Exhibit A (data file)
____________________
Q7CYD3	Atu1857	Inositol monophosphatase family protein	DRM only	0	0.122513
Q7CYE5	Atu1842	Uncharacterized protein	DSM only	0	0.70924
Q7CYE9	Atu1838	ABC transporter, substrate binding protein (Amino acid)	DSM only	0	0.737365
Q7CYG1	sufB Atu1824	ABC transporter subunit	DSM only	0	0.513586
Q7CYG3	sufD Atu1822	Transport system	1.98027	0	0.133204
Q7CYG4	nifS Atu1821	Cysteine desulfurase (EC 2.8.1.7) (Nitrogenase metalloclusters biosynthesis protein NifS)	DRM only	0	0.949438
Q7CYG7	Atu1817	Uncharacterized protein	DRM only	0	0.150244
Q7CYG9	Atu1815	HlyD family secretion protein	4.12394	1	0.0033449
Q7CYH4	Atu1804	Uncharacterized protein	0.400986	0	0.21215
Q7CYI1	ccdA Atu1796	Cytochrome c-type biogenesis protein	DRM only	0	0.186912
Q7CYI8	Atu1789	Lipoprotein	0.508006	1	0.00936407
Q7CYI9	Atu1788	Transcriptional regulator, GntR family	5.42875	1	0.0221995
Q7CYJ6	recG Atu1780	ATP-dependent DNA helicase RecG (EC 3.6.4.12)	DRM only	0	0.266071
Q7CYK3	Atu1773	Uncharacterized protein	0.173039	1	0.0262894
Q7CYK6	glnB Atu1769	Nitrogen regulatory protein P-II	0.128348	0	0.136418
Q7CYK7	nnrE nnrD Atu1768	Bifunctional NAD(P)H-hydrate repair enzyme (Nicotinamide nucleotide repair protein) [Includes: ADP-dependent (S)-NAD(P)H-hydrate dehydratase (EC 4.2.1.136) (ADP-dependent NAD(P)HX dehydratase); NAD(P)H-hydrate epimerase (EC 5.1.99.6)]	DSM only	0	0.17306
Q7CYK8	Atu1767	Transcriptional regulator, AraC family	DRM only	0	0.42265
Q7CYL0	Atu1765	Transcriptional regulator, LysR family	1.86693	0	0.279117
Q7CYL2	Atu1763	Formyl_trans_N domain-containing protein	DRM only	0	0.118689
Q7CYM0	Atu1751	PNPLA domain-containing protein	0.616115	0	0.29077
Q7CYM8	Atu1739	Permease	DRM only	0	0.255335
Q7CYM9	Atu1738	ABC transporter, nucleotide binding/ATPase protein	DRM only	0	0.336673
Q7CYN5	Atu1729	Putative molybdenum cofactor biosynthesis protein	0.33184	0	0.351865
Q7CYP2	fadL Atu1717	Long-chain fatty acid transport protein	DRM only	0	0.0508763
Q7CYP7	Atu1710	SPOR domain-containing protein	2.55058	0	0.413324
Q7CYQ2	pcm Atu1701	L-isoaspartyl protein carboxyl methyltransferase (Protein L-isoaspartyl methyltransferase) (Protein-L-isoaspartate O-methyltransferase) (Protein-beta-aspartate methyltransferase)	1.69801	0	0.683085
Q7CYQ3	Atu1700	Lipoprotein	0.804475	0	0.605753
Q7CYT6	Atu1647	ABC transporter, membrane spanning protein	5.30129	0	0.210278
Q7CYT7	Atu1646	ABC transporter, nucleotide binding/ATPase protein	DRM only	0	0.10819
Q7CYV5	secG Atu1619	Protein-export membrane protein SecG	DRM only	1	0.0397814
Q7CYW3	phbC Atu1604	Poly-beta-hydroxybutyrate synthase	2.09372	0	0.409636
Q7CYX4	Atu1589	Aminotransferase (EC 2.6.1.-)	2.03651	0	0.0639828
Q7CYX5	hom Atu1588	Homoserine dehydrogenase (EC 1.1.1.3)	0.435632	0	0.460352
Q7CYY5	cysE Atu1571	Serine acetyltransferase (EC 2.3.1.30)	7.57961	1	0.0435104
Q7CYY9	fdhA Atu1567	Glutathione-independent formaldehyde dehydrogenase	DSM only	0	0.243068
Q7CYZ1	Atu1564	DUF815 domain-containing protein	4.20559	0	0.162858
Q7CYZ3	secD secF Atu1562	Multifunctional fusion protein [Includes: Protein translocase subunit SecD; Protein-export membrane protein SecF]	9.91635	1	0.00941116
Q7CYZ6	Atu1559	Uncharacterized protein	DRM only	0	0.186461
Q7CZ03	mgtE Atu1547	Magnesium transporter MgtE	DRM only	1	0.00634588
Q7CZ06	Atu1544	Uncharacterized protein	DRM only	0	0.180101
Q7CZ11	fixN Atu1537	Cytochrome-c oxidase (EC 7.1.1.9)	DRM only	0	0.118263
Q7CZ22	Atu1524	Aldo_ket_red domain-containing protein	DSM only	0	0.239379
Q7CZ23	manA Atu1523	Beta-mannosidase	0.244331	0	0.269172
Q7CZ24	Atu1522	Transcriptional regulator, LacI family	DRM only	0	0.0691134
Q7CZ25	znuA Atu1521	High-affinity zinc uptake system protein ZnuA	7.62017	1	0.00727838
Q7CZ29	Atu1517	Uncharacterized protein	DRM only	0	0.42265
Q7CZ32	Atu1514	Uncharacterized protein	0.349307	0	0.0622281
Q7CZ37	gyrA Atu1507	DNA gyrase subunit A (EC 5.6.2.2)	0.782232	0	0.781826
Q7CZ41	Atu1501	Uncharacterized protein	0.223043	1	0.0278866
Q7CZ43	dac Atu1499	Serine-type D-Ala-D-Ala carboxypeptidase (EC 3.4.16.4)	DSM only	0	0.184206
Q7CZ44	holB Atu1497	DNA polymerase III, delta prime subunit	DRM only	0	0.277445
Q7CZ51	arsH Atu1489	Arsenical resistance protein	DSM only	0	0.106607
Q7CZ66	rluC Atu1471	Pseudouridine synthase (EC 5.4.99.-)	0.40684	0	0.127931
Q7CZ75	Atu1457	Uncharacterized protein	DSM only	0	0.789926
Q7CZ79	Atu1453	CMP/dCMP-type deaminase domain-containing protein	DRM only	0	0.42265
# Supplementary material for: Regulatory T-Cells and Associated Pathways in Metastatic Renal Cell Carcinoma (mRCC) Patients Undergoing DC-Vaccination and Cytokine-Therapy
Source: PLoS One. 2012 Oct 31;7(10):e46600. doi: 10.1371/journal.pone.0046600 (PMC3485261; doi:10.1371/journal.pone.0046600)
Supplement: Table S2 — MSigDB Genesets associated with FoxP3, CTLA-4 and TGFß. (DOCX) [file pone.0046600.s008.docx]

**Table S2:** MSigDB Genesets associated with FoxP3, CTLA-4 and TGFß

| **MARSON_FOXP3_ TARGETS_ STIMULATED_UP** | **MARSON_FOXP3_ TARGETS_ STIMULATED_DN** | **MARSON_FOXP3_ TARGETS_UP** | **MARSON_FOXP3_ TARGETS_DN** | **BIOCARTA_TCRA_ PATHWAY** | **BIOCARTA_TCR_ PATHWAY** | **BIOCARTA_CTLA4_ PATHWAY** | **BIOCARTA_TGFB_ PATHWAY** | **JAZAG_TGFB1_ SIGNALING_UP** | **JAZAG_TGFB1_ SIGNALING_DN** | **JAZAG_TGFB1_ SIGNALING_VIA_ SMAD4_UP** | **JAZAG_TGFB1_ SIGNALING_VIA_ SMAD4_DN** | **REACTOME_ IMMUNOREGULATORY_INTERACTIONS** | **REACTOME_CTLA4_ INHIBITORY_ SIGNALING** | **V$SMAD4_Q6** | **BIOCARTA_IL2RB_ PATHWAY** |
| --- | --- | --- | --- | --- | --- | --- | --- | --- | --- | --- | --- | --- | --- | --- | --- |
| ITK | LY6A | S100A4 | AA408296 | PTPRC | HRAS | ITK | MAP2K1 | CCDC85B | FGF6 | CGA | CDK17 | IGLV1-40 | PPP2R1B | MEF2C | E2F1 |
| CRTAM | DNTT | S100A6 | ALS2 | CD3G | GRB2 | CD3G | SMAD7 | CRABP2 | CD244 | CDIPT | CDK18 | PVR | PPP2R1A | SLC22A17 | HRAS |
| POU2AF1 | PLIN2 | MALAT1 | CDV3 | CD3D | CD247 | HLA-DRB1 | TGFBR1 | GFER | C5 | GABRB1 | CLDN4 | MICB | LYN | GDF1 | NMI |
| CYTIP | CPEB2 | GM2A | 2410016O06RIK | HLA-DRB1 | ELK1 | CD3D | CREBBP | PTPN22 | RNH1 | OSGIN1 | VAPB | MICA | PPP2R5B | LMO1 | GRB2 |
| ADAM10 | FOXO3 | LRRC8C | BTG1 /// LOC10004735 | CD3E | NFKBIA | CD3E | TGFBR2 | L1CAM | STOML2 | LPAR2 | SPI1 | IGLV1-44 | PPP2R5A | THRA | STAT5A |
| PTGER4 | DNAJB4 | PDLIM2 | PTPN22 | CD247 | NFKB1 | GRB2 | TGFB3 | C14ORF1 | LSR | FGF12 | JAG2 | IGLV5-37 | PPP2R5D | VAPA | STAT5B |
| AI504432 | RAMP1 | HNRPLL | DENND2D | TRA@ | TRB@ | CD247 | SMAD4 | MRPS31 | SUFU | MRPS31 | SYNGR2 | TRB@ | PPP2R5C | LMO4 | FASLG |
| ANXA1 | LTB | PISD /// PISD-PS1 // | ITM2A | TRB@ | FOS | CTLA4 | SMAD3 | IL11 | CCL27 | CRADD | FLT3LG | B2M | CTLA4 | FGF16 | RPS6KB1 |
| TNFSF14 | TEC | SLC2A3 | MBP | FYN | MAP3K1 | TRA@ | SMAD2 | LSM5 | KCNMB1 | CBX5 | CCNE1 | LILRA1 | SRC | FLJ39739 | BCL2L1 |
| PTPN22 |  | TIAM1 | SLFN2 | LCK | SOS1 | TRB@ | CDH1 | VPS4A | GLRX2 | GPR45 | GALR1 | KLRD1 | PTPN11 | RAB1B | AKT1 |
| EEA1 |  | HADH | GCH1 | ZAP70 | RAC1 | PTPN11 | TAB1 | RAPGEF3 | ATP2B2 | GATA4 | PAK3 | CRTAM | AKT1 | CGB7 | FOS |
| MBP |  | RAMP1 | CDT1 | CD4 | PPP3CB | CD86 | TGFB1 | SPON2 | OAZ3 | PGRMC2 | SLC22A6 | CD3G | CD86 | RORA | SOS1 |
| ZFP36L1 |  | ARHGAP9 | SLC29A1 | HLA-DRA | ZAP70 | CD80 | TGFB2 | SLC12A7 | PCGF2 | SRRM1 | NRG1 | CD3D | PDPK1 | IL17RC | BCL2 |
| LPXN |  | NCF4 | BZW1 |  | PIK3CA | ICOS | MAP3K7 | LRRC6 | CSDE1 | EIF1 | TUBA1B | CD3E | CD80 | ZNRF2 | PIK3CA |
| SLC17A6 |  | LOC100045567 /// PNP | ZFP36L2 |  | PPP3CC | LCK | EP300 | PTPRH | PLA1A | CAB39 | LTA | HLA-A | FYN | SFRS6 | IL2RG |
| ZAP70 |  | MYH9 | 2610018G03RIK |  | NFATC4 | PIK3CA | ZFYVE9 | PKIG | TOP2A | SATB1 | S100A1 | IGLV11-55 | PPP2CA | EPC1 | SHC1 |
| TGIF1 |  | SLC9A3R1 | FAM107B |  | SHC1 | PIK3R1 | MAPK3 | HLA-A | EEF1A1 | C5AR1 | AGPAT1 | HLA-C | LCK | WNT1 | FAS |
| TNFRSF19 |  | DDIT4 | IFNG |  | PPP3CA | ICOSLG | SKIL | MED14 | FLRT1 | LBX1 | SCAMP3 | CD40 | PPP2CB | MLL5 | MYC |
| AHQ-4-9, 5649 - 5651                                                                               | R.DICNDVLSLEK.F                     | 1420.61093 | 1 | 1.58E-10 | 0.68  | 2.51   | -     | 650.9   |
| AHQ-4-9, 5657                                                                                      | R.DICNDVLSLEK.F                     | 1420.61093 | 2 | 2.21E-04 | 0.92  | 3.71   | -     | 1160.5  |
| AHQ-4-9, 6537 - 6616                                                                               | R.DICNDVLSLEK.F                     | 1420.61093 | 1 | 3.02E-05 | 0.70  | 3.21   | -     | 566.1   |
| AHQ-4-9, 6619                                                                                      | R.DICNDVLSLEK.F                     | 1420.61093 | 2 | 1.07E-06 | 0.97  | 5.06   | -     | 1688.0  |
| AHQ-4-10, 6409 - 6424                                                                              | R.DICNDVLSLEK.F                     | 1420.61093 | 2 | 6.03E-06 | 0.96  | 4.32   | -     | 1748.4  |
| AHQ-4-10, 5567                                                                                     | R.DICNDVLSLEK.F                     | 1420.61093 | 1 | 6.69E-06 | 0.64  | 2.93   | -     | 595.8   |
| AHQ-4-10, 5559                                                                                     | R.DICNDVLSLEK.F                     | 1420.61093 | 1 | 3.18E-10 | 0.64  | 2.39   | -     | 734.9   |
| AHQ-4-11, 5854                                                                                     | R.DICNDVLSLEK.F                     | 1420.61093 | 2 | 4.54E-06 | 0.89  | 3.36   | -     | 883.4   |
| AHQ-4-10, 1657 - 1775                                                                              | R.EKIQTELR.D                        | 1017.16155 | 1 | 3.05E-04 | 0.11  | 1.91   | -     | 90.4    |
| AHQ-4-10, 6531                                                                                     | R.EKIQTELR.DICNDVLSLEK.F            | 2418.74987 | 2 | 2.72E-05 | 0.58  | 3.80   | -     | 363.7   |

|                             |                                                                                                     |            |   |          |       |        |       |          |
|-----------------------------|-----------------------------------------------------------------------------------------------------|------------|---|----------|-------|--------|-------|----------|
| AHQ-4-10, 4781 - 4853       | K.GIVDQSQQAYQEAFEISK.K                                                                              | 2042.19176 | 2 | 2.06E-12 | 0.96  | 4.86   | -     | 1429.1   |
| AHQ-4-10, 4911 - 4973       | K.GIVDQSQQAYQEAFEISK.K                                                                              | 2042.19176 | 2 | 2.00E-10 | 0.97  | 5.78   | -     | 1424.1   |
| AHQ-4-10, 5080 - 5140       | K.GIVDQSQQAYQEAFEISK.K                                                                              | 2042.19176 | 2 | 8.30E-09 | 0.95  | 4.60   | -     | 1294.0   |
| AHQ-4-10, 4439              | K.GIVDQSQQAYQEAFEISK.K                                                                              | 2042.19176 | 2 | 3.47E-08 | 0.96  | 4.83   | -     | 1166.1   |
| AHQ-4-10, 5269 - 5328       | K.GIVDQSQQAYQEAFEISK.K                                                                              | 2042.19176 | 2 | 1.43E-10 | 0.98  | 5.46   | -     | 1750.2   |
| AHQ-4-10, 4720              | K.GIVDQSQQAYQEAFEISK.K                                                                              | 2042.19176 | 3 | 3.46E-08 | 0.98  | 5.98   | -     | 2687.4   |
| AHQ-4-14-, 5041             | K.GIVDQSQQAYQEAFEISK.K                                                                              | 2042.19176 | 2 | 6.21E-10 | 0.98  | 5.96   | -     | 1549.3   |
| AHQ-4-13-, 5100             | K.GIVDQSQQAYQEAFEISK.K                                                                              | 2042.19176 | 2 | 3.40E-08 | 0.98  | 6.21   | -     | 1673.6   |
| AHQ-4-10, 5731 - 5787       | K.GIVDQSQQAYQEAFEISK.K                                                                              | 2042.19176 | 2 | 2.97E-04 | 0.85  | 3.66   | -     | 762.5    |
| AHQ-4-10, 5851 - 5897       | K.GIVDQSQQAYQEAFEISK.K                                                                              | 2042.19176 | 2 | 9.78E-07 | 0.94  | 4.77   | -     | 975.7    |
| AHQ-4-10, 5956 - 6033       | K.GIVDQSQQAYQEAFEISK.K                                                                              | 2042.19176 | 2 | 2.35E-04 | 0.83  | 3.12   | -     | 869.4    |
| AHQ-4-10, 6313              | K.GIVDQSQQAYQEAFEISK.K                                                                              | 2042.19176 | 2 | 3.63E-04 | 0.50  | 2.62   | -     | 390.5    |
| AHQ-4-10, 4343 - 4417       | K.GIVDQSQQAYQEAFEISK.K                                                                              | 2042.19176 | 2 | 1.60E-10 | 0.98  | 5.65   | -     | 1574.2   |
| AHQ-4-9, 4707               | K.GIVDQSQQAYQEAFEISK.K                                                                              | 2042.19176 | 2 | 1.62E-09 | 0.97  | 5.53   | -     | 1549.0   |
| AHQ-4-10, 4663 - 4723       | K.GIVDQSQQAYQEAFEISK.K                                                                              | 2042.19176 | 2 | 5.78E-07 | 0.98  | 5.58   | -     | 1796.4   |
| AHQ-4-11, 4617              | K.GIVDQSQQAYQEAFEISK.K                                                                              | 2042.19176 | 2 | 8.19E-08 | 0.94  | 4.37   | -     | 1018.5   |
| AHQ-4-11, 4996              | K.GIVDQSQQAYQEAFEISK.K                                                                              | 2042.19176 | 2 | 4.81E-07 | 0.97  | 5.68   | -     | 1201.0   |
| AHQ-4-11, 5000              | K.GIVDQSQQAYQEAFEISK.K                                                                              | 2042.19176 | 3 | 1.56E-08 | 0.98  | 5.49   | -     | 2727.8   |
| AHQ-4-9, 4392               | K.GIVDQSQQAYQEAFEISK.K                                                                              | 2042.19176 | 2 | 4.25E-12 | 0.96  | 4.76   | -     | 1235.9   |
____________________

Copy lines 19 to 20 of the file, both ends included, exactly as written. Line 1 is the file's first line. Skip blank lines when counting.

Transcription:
Q7CYL2	Atu1763	Formyl_trans_N domain-containing protein	DRM only	0	0.118689
Q7CYM0	Atu1751	PNPLA domain-containing protein	0.616115	0	0.29077